nep-ent New Economics Papers
on Entrepreneurship
Issue of 2021‒03‒29
eighteen papers chosen by
Marcus Dejardin
Université de Namur

  1. Do Elite Colleges Matter? The Impact on Entrepreneurship Decisions and Career Dynamics By Naijia Guo; Charles Ka Yui Leung
  2. Founding Teams and Startup Performance By Joonkyu Choi; Nathan Goldschlag; John C. Haltiwanger; J. Daniel Kim
  3. On Immigration and Native Entrepreneurship By Harriet Duleep; David A. Jaeger; Peter McHenry
  4. Remittances, Ethnic Diversity, and Entrepreneurship in Developing Countries By Isil R. Yavuz; Berrak Bahadir
  5. Design and Effectiveness of Start-up Subsidies: Evidence from a Policy Reform in Germany By Caliendo, Marco; Tübbicke, Stefan
  6. Urban Growth and its Aggreate Implications By Gilles Duranton; Diego Puga
  7. Testing the Differential Impact of COVID-19 on Self-Employed Women and Men in the United Kingdom By Reuschke, Darja; Henley, Andrew; Daniel, Elizabeth; Price, Victoria
  8. COVID-19 and SMEs: A 2021 "Time Bomb"? By Pierre-Olivier Gourinchas; Ṣebnem Kalemli-Özcan; Veronika Penciakova; Nick Sander
  9. Corporate Entrepreneurship Performance from an Attention-based View Perspective By Latasri Hazarika; M.K. Nandakumar
  10. Determinants of Corporate Entrepreneurship: A meta analysis By Latasri Hazarika; Sandeep Yadav; M.K. Nandakumar
  11. What are the key components of an entrepreneurial ecosystem in a developing economy? A longitudinal empirical study on technology business incubators in China By Xiangfei Yuan; Haijing Hao; Chenghua Guan; Alex Pentland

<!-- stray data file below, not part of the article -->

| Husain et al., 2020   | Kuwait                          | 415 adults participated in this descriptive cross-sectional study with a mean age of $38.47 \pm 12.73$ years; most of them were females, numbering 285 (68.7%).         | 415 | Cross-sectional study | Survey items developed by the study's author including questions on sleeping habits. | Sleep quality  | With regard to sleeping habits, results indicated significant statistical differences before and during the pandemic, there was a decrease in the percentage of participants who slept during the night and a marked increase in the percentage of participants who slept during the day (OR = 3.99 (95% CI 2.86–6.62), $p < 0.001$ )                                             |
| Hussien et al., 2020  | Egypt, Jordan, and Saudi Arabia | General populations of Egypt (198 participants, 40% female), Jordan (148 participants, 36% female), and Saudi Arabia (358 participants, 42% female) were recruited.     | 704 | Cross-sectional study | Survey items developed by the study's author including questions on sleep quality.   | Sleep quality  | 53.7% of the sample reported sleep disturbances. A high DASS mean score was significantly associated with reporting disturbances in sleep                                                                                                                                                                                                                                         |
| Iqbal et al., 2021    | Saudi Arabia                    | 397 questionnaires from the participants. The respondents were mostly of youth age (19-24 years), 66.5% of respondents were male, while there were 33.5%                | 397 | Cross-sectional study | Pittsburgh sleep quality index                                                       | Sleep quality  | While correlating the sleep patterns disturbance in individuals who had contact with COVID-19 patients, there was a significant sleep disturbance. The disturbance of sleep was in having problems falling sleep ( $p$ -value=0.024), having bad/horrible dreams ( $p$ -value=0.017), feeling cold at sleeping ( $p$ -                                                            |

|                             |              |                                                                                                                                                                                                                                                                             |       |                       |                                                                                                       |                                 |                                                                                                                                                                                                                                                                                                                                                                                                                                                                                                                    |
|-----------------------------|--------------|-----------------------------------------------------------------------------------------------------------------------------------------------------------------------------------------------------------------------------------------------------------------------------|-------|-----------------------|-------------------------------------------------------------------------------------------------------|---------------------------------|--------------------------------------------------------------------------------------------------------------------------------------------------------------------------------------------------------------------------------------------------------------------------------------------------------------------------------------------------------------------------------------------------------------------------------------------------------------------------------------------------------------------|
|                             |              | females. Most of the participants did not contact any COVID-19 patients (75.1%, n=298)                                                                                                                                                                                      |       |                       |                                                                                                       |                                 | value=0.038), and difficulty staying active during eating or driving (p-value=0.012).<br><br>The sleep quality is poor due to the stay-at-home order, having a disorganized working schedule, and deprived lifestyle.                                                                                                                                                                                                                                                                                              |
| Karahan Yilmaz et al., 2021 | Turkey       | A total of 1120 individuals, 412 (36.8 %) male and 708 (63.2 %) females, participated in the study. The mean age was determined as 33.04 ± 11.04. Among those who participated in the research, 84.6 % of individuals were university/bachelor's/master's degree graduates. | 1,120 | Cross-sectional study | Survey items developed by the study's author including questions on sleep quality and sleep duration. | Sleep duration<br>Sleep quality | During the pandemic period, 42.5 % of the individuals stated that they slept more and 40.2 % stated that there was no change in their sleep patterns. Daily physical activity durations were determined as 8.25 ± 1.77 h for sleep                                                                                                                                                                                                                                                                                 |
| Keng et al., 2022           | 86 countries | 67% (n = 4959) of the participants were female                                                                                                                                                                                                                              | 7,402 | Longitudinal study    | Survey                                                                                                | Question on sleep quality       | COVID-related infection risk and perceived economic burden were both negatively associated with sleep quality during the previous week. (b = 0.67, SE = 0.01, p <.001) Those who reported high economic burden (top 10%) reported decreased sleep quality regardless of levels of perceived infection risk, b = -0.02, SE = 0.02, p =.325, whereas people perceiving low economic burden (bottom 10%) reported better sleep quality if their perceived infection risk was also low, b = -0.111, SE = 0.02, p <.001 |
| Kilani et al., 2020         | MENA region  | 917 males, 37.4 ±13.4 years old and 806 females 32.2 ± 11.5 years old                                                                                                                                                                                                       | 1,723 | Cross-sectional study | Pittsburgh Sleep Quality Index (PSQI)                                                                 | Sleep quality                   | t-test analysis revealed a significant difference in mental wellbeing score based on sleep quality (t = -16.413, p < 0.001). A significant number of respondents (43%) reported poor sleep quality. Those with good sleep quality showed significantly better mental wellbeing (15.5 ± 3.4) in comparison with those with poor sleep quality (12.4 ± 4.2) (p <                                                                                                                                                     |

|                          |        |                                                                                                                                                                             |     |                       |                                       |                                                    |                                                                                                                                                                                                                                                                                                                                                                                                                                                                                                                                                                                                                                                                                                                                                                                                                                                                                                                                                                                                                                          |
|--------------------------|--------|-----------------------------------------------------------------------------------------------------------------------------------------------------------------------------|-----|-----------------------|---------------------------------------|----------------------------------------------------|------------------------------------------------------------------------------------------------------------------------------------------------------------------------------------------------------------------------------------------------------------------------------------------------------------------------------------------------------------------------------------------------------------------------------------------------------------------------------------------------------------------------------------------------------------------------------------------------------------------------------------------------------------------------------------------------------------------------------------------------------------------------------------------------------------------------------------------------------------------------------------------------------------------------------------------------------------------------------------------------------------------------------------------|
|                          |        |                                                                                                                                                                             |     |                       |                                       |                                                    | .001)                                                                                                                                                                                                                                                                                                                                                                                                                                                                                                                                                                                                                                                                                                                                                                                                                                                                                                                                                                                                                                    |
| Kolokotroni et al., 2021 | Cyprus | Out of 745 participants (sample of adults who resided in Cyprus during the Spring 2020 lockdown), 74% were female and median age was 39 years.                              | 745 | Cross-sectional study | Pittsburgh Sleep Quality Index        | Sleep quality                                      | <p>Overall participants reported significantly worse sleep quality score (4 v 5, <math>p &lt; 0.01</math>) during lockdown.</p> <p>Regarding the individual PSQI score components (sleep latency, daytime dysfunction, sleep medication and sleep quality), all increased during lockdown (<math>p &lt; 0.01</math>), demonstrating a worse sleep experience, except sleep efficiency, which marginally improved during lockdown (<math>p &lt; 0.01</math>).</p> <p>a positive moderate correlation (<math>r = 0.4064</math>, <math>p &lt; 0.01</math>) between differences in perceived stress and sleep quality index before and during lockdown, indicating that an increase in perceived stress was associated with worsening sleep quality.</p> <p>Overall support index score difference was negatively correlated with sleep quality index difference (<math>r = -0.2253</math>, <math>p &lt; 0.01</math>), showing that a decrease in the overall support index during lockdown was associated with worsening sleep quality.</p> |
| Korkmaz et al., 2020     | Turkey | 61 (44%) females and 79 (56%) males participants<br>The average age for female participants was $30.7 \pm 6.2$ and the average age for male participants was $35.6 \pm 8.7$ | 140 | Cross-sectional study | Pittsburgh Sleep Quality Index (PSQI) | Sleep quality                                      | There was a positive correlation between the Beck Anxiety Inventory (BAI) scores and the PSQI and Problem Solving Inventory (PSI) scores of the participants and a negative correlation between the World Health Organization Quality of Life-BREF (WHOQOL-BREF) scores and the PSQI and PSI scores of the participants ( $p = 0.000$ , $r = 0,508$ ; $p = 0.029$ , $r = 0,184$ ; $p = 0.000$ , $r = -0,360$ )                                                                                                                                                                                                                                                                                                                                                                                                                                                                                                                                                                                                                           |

12. Does the Legal Form Matter for Firm Performance in the MENA Region? By Ahmad, Issam Abdo; Fakih, Ali
  13. Scenario Planning and New Venture Creation By M.K. Nandakumar
  14. Modern risks of small businesses By A. R Baghirzade
  15. Towards a transformative Smart Specialisation Strategy: lessons from Catalonia, Bulgaria and Greece By MARINELLI Elisabetta; FERNÁNDEZ SIRERA Tatiana; PONTIKAKIS Dimitrios
  16. Exploring Recent Phenomena in Entrepreneurial Finance By Hackober, Christian
  17. L’économie informelle, une activité organisée « hors organisation » ? By Yvon Pesqueux
  18. Enquête sur les auto-entrepreneurs de la 'livraison instantanée' By Laetitia Dablanc; Anne Aguilera; Laurent Proulhac; Léa Wester; Nicolas Louvet; José Palomo Rivas

  1. By: Naijia Guo; Charles Ka Yui Leung
    Abstract: Elite college attendance significantly impacts students' entrepreneurship decisions and career dynamics. We find that an elite college degree is positively correlated with entrepreneurship (i.e., owning an incorporated business) but not with other self-employment forms. Our overlapping generations model captures self-selection in education and career choices based on heterogeneous ability and family wealth endowments over the life-cycle. Our estimates show that (1) entrepreneurs and other self-employed individuals require different types of human capital, and (2) elite colleges generate considerably more human capital gain than ordinary colleges, particularly for entrepreneurs. Distinguishing between elite and ordinary colleges improves our prediction of entrepreneurship decisions. Providing subsidies for elite colleges is more efficient than subsidizing their ordinary counterparts to encourage entrepreneurship, enhance intergenerational mobility, and enhance welfare. In contrast, although start-up subsidy increases entrepreneurship, it does not improve their performance, and it is inferior to education subsidy in generating efficiency, equality, and intergenerational mobility.
    Date: 2021–03
  2. By: Joonkyu Choi; Nathan Goldschlag; John C. Haltiwanger; J. Daniel Kim